United Methodist General Conference
Disagreement in Three Fundamental Ways
I find myself in disagreement with the recent United Methodist General Conference in three fundamental ways.
- First, it is biblically inconsistent to stake the unity of the church on opposition to same-sex marriage and gay clergy. I have officiated at many weddings of divorced people who were remarrying, and no one threatened to kick me out of the church, even though Jesus himself explicitly prohibits divorce and remarriage (Matthew 5:32, Mark 10:11). I have heard United Methodists tell others not to give money to beggars who might use it for drugs, and no one threatened to kick them out of the church, even though Jesus clearly commands us to give to everyone who begs from us (Matthew 5:42, Luke 6:30). I could go on. On what basis was it decided to make one’s standing in the church depend on acceptance of a few Bible verses, while other verses can be ignored? The inconsistency is too great to let stand.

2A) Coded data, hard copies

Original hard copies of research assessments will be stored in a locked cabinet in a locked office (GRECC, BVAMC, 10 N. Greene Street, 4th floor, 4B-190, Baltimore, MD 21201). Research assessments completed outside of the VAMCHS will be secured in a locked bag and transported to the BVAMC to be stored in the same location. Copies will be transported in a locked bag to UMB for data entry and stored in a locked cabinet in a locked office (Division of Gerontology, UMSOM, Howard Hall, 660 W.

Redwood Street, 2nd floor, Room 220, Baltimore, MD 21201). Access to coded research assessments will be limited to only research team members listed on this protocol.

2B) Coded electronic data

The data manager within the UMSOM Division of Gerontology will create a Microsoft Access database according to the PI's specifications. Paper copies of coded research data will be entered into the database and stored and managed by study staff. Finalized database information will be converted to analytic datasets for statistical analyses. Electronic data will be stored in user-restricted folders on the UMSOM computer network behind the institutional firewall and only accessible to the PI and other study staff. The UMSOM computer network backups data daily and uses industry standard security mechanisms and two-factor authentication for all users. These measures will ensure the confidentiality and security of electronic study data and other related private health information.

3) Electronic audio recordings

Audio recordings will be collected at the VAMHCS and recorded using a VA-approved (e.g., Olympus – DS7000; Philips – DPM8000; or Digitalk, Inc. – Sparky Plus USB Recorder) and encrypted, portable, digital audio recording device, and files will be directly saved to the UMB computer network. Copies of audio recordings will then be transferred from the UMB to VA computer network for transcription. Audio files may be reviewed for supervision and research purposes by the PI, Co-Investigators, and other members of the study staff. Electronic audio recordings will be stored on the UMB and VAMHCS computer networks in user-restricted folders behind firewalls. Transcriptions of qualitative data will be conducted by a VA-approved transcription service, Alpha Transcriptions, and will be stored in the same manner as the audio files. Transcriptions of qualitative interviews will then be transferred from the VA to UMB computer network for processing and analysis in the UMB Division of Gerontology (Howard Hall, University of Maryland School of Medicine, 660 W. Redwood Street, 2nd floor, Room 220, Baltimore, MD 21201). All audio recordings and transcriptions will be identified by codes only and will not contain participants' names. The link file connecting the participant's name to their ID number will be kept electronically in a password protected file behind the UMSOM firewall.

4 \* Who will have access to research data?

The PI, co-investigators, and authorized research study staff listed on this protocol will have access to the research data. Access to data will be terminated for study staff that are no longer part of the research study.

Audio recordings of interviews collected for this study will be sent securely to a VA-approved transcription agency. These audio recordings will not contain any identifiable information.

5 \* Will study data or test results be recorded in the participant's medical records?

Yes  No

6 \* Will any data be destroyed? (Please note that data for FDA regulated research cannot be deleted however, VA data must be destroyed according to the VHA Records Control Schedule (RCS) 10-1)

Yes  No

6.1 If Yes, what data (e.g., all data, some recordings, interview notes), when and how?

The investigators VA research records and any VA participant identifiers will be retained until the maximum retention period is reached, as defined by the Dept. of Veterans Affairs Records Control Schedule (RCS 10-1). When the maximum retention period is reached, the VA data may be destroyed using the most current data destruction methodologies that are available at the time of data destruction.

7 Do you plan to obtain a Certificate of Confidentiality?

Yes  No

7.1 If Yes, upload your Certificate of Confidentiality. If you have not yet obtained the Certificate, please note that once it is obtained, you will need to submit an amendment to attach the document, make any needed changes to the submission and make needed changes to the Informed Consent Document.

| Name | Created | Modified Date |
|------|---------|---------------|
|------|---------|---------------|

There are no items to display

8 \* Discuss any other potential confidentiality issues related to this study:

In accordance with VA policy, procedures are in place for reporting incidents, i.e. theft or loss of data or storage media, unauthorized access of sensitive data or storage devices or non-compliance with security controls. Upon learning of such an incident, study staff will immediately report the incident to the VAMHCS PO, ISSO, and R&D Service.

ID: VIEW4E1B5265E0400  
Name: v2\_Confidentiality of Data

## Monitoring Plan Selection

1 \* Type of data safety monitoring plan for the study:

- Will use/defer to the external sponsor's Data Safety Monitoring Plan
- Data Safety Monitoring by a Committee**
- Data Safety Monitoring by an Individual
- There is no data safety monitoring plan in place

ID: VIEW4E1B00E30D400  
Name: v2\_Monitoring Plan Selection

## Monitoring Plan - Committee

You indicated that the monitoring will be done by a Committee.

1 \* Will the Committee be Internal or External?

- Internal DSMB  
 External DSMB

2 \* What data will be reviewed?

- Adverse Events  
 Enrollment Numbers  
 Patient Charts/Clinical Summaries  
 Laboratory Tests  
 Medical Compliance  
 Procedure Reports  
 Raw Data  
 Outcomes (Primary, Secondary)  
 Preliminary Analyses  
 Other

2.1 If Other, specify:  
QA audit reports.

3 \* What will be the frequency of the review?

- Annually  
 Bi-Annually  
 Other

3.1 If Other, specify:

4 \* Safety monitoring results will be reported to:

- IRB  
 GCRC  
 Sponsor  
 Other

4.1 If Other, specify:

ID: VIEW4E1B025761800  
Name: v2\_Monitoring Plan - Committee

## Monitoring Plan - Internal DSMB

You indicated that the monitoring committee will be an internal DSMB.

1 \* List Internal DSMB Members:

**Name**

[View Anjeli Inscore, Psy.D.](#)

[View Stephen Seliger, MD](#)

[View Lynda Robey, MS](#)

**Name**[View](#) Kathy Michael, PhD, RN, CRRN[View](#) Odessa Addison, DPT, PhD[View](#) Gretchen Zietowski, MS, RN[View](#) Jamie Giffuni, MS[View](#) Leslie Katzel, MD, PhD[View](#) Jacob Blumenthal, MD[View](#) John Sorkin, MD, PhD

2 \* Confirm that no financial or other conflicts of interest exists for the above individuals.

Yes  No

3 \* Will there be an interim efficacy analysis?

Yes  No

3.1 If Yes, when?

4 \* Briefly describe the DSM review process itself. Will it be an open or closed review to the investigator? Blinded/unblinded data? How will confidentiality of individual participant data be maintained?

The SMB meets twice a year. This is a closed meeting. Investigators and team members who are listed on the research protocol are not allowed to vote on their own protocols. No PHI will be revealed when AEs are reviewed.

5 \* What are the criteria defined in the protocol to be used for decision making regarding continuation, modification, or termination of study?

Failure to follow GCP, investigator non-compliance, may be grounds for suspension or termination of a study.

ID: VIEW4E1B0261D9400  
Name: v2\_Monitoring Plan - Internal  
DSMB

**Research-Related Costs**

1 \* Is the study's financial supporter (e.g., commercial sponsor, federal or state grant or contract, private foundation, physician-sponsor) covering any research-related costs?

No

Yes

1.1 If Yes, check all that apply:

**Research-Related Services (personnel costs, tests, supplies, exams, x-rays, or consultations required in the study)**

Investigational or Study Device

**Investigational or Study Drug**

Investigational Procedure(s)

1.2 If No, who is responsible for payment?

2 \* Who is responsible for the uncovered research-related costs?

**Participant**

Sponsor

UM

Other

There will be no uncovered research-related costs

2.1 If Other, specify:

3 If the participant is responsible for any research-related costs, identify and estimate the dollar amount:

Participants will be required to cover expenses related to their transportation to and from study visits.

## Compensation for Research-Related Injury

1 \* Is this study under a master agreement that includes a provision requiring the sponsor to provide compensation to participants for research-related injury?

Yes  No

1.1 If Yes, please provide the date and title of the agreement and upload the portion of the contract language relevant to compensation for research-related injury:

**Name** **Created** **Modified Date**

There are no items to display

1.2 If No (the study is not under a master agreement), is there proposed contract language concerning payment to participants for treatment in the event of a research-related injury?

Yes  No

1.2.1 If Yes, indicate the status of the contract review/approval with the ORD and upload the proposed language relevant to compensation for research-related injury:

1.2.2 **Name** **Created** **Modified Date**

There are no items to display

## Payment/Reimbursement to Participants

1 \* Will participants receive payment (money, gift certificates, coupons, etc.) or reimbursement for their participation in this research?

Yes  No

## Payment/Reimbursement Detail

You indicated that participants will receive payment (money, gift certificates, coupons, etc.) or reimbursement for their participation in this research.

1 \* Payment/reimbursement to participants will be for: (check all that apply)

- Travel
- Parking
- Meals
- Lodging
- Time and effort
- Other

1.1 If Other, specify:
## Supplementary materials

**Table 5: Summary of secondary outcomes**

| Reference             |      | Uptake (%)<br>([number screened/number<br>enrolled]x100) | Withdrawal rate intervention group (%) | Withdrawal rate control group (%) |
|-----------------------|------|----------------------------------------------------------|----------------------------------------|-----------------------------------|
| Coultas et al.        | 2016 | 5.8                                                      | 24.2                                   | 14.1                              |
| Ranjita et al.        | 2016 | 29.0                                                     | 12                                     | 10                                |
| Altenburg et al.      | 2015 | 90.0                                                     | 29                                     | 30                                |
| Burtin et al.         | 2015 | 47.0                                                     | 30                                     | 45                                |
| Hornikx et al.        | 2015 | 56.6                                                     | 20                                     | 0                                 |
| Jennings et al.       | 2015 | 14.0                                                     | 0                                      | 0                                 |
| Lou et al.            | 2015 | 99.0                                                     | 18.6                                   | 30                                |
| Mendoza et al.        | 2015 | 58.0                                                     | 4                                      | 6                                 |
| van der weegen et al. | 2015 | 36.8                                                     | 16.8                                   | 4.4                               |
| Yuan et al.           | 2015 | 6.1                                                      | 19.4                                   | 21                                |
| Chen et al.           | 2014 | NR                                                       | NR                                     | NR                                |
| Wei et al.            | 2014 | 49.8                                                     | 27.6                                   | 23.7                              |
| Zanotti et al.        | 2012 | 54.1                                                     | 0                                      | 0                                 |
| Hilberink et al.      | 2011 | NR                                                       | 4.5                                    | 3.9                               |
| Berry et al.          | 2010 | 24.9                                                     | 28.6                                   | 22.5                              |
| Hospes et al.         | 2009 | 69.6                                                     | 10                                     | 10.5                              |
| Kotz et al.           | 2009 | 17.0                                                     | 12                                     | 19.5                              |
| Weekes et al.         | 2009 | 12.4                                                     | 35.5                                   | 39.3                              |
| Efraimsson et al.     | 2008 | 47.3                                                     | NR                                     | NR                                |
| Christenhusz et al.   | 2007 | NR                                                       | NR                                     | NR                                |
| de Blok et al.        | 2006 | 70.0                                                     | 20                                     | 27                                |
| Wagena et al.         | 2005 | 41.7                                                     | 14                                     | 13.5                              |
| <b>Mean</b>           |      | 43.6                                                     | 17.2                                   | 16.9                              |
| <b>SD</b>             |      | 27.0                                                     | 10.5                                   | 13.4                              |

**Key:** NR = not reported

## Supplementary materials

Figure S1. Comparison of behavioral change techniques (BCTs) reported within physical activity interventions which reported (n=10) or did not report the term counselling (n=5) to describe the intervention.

- Second, General Conference’s decision assumes that the church’s unity is based on agreement about sexuality and conformity of practice. I have always believed that the church’s unity is a gift of the Holy Spirit and comes from a common devotion to Jesus Christ. I can worship, pray, study and serve with people who do not agree with me, even on fundamental matters. I am looking for other United Methodists who can do the same.
- Finally, even if General Conference’s decisions about human sexuality were “right” (and I do not believe they are), they would still be hurtful and mistaken, because they are not loving. John Wesley wrote, “So how far is love, even with many wrong opinions, to be preferred before truth itself without love?” (Works of Wesley, 1:107). In other words, it is more Christian to be loving and wrong than to be unloving and right. I pray that my congregation will continue to prioritize love over agreement or conformity.
February 28, 2019